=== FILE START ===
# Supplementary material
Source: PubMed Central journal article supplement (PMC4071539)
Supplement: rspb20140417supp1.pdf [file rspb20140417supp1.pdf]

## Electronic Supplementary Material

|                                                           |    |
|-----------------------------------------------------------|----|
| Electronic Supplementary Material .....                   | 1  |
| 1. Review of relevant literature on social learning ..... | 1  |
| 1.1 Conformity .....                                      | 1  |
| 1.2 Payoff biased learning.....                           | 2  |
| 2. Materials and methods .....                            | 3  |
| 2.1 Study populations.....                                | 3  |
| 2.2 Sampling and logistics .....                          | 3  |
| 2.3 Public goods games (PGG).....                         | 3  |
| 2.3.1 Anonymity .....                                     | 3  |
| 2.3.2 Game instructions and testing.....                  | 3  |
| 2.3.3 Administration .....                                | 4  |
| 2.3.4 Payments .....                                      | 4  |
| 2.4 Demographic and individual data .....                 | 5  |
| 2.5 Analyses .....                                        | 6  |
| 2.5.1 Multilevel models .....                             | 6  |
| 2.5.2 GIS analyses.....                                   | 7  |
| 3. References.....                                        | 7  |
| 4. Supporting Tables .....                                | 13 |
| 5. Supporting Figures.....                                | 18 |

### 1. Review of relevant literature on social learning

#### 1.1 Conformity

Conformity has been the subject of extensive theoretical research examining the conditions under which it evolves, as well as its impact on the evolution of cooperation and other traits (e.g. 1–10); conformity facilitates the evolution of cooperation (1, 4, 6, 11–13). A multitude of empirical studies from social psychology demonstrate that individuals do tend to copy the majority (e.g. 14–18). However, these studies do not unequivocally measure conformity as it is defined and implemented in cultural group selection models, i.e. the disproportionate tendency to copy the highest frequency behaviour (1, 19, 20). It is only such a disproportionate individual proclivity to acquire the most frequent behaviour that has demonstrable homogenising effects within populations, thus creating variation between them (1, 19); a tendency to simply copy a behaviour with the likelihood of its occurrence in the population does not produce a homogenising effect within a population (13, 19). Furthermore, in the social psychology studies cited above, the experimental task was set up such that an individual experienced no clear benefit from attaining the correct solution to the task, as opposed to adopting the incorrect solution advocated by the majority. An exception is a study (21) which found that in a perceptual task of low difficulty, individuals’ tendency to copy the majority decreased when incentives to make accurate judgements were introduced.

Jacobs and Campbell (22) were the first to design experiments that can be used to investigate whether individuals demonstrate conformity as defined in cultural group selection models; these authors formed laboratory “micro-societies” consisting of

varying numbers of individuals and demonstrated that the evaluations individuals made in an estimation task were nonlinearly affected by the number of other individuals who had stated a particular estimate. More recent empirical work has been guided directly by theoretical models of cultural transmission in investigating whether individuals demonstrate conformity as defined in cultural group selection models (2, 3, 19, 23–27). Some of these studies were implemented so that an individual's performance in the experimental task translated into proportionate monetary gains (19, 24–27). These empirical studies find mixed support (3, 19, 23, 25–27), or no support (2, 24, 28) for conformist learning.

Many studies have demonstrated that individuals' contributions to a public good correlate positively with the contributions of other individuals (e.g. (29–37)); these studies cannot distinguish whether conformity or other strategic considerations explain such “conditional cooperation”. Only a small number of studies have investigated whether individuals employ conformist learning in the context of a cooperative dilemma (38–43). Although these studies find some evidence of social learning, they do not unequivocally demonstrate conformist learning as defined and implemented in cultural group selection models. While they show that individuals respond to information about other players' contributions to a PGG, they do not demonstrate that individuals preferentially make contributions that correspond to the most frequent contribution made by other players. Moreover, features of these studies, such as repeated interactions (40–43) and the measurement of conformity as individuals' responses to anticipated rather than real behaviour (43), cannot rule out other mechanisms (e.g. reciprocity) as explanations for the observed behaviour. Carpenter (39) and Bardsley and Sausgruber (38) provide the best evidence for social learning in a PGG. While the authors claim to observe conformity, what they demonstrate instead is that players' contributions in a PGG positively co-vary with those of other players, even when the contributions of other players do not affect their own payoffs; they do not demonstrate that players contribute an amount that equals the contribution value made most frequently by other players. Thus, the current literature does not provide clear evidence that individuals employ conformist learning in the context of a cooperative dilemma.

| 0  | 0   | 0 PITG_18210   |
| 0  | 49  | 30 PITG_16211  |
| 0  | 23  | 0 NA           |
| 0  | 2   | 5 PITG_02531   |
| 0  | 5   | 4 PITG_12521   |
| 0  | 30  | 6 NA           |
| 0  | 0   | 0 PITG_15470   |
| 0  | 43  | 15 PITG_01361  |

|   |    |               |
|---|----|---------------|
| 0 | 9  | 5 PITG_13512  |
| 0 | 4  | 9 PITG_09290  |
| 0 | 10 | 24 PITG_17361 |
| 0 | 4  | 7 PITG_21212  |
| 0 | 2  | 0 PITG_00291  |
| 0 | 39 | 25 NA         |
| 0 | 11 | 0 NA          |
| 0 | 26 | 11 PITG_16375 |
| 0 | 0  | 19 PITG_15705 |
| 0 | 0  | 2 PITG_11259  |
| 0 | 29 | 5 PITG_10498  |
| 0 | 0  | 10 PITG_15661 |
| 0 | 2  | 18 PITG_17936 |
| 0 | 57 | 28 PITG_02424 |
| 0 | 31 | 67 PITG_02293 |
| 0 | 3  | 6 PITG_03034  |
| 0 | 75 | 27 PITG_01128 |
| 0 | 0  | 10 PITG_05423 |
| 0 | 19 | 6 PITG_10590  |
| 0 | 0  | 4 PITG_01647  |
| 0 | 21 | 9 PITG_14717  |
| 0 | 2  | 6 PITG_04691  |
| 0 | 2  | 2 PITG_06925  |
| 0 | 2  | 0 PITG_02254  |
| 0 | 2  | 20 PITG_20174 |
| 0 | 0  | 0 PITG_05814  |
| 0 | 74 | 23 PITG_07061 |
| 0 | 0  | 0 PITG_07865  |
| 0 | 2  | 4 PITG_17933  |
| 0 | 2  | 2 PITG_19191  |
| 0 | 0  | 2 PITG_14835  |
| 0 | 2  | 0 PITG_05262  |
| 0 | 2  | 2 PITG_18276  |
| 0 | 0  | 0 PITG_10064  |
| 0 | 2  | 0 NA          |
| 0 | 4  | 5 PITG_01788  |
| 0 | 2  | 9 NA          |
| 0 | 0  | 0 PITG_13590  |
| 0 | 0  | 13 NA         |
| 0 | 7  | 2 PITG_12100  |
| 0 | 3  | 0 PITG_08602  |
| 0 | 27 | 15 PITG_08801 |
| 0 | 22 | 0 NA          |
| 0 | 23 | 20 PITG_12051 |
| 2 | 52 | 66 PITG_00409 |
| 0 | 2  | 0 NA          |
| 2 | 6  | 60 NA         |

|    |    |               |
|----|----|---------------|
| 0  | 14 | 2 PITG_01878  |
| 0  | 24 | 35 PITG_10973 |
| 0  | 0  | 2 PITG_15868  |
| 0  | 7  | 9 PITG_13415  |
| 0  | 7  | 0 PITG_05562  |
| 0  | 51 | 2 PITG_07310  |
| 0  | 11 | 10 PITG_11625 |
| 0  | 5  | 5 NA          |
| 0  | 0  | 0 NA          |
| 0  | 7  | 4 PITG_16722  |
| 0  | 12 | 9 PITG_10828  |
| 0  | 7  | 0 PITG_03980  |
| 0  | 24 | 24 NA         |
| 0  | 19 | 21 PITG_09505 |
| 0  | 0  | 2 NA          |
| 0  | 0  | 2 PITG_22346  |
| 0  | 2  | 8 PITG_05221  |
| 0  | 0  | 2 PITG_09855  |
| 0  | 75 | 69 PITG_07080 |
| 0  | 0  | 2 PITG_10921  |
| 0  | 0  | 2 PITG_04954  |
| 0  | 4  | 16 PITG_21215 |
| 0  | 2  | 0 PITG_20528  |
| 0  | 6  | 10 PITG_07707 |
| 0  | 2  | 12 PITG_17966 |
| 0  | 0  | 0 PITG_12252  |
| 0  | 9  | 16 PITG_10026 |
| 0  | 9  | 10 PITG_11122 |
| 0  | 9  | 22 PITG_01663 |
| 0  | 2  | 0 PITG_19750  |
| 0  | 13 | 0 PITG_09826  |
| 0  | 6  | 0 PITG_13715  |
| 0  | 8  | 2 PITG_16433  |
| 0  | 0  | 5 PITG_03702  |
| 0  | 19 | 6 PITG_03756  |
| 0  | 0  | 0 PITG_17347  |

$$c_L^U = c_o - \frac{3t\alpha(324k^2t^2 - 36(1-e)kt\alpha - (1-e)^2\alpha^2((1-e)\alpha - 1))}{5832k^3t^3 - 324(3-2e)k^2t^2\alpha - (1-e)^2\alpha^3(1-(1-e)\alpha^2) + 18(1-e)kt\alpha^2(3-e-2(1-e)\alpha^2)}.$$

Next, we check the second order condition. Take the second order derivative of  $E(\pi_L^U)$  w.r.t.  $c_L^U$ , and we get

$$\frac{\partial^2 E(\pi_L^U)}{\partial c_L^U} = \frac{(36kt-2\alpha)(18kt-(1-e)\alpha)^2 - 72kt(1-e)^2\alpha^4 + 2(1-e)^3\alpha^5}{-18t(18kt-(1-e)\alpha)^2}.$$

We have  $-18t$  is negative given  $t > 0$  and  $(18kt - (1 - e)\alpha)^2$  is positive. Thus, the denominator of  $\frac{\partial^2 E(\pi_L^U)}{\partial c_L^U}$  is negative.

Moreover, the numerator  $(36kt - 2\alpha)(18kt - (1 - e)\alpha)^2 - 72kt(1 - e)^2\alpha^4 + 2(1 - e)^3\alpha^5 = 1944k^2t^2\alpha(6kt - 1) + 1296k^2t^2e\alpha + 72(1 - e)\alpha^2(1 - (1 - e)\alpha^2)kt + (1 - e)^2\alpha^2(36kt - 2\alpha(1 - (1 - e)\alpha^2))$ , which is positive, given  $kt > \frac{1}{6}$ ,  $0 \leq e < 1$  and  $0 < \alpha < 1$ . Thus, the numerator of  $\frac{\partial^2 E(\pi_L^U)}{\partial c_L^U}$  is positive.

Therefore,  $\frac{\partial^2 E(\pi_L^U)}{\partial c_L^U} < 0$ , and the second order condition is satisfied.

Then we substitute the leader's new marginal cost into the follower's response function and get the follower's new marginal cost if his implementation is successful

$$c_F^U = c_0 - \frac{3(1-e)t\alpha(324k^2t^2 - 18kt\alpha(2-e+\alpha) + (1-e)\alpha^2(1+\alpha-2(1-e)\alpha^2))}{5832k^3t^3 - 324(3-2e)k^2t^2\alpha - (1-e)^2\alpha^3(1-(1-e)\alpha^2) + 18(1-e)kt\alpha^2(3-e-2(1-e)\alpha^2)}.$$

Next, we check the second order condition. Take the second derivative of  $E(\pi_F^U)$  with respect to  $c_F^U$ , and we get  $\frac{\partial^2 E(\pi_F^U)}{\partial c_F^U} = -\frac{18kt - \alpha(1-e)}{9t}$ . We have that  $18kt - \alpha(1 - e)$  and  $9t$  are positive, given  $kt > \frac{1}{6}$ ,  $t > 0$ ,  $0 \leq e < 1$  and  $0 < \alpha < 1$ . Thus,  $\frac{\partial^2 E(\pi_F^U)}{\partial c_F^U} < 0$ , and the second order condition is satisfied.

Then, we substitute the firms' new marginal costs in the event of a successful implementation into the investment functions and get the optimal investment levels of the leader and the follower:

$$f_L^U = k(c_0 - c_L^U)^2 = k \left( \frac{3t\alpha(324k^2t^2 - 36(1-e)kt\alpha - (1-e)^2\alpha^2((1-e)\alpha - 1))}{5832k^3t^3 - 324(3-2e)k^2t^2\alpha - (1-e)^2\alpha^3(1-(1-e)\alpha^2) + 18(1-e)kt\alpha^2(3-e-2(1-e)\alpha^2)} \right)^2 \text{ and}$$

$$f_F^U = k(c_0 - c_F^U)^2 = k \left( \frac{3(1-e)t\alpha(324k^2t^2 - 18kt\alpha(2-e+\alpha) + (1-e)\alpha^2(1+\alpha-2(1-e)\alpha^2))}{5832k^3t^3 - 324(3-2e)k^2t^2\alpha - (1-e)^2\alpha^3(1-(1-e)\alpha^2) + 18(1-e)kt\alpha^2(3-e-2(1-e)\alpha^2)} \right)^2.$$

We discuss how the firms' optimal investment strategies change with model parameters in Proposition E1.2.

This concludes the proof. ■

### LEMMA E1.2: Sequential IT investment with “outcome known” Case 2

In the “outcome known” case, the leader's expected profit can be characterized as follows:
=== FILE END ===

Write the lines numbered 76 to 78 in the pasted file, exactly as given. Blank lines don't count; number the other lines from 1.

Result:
| 0 | 2  | 0 NA          |
| 0 | 4  | 5 PITG_01788  |
| 0 | 2  | 9 NA          |